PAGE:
The Evil Genius—no, no, he had to stop thinking of himself that way. He’d done his time, was working to atone, to the degree possible, for the horrors of his past, wasn’t that man anymore. He was changed. Counseling helped with that, but it was Ethel, that beautiful dear heart with her kind soul, her love and understanding, who’d rescued him, changed him. He smiled: The Reformed Genius. He liked the sound of it. He attached a new socket to his wrench, fit it over one of the bolts on the exhaust manifold, tightened it down.
That done, The Reformed Genius laid the wrench on top of the tool chest and wiped the sweat from his bald, bespectacled head with a red cloth, then from his long, skinny arms. He returned the rag to the pocket of his tan coveralls and grabbed his bottle of water and took a long drink. This was good, he thought, working with his hands using tools to fix cars. People brought their cars in; he or one of the other mechanics diagnosed the issue and corrected the problem. It was honest labor a man could feel good about, and he did.
The Reformed Genius raised the big Ford Explorer on the lift and was about to step under to take a look at the axle, said to have a crack, when something caught his eye, over by the garage entrance. His heart skipped and his breath hitched in his throat: talking to his boss and another of the mechanics, it was that fat, hulking lummox from Anytown PD, the one with the bulldog jowls and bulbous nose. “The Chief,” they’d called him, though it hadn’t seemed he held that position. He was at most a captain, probably a lieutenant, but seemed, really, to be partner to…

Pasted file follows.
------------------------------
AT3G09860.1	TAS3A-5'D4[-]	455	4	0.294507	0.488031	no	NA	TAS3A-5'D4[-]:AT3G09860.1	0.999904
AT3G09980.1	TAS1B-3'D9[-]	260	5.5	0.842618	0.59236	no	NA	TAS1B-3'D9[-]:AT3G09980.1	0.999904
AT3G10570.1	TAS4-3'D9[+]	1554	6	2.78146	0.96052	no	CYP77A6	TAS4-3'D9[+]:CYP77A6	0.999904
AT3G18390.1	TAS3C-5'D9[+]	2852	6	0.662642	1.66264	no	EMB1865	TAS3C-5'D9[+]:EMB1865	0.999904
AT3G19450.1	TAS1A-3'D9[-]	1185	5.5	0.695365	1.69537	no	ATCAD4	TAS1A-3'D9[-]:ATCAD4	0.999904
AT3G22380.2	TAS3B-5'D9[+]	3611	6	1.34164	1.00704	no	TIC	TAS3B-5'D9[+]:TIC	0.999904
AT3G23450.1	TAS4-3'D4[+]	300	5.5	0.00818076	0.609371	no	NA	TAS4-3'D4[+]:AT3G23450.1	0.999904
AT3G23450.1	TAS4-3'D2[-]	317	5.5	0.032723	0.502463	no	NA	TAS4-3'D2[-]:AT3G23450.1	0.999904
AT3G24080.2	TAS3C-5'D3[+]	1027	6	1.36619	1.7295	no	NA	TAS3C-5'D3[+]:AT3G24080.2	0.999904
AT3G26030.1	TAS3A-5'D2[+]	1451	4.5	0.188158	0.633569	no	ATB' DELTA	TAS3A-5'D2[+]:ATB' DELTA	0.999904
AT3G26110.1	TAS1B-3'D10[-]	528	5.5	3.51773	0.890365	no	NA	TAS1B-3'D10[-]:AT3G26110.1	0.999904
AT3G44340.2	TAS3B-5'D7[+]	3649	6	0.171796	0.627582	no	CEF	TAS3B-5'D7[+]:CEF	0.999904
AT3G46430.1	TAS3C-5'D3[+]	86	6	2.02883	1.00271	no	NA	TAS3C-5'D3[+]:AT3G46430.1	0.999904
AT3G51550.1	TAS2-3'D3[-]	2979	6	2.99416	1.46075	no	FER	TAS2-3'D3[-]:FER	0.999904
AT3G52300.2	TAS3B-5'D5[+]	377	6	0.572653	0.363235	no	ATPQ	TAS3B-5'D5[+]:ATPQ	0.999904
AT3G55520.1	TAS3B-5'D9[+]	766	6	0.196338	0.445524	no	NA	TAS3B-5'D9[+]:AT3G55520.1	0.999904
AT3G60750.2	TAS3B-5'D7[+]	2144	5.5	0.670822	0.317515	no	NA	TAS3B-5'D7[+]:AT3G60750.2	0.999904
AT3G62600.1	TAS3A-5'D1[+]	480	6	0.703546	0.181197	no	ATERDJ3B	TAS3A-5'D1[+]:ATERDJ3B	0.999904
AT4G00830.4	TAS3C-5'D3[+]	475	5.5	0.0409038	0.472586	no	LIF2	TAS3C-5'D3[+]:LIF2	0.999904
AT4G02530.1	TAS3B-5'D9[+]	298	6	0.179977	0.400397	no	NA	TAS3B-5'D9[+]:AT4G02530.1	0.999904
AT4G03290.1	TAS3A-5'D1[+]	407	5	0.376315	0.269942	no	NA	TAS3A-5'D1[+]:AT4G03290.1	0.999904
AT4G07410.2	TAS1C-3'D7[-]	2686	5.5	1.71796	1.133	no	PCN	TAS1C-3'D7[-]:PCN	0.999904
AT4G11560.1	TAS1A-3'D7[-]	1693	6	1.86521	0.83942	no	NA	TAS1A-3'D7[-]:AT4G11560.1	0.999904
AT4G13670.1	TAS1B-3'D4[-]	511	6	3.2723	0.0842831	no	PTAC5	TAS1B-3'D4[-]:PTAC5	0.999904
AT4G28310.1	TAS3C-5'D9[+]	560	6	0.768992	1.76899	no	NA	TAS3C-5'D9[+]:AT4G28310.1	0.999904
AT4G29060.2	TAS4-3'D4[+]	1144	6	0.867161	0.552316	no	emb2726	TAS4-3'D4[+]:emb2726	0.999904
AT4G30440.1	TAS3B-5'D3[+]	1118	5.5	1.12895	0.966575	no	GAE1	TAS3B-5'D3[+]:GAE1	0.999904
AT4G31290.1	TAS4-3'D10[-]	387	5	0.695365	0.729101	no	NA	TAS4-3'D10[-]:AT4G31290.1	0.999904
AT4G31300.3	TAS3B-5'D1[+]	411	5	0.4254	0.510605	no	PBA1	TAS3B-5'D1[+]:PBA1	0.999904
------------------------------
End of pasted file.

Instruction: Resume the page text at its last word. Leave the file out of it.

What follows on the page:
“Heya, E.G.,” came the gravel-in-a-blender rasp from just behind The Reformed Genius. “How’s the evil biz?”
The Reformed Genius turned around slowly, the hairs on the back of the long tall stack-of-dimes he called a neck standing on end, and through the thick Coke-bottle lenses of his glasses saw him there, in the flesh, Detective Jack Chaser, “Detective Death.” He looked much the same: head shaved to avoid acknowledging his male-pattern baldness, his hard face with its chiseled aspect covered, as ever, in the appropriate places with salt-and-pepper stubble, his steely gray eyes squinting through a cloud of dark, noxious smoke that billowed from a slightly crooked cigarette in his mouth. His black leather jacket, a ragged article, was open, beneath it a gray crewneck tee, but it was to send a message that he wore the coat unzipped, and that message was: “Look at the big .50 caliber hand cannon in my jeans.”
Chaser grinned wolfishly, its quality malevolent. “Look like ya saw a ghost,” he remarked, the mirthful menace practically dripping from his tongue.
With some difficulty, The Reformed Genius swallowed. “Maybe I have,” he said, attempting a defiance that no longer felt natural to him. He made for the hand lamp that lay on the tool chest, but stopped his bony hand short of it. “Just need my light,” he said, conscious of Chaser’s hairy paw having grabbed the Desert Eagle’s handle.
Chaser relaxed his grip on his cannon, but didn’t relinquish it entirely, instead jerked his head toward the tool chest. TRG picked the lamp up delicately and, slowly, raised it just above his head, illuminating the undercarriage of the Explorer.
“Looks busted,” said the excitable bass The Reformed Genius recognized as belonging to that “Chief” oaf. He came up next to TRG, teetering in a slight side-to-side fashion, each of his wide, fat legs moving stiffly, as if made of wood. “You oughtta take better care of ‘er.”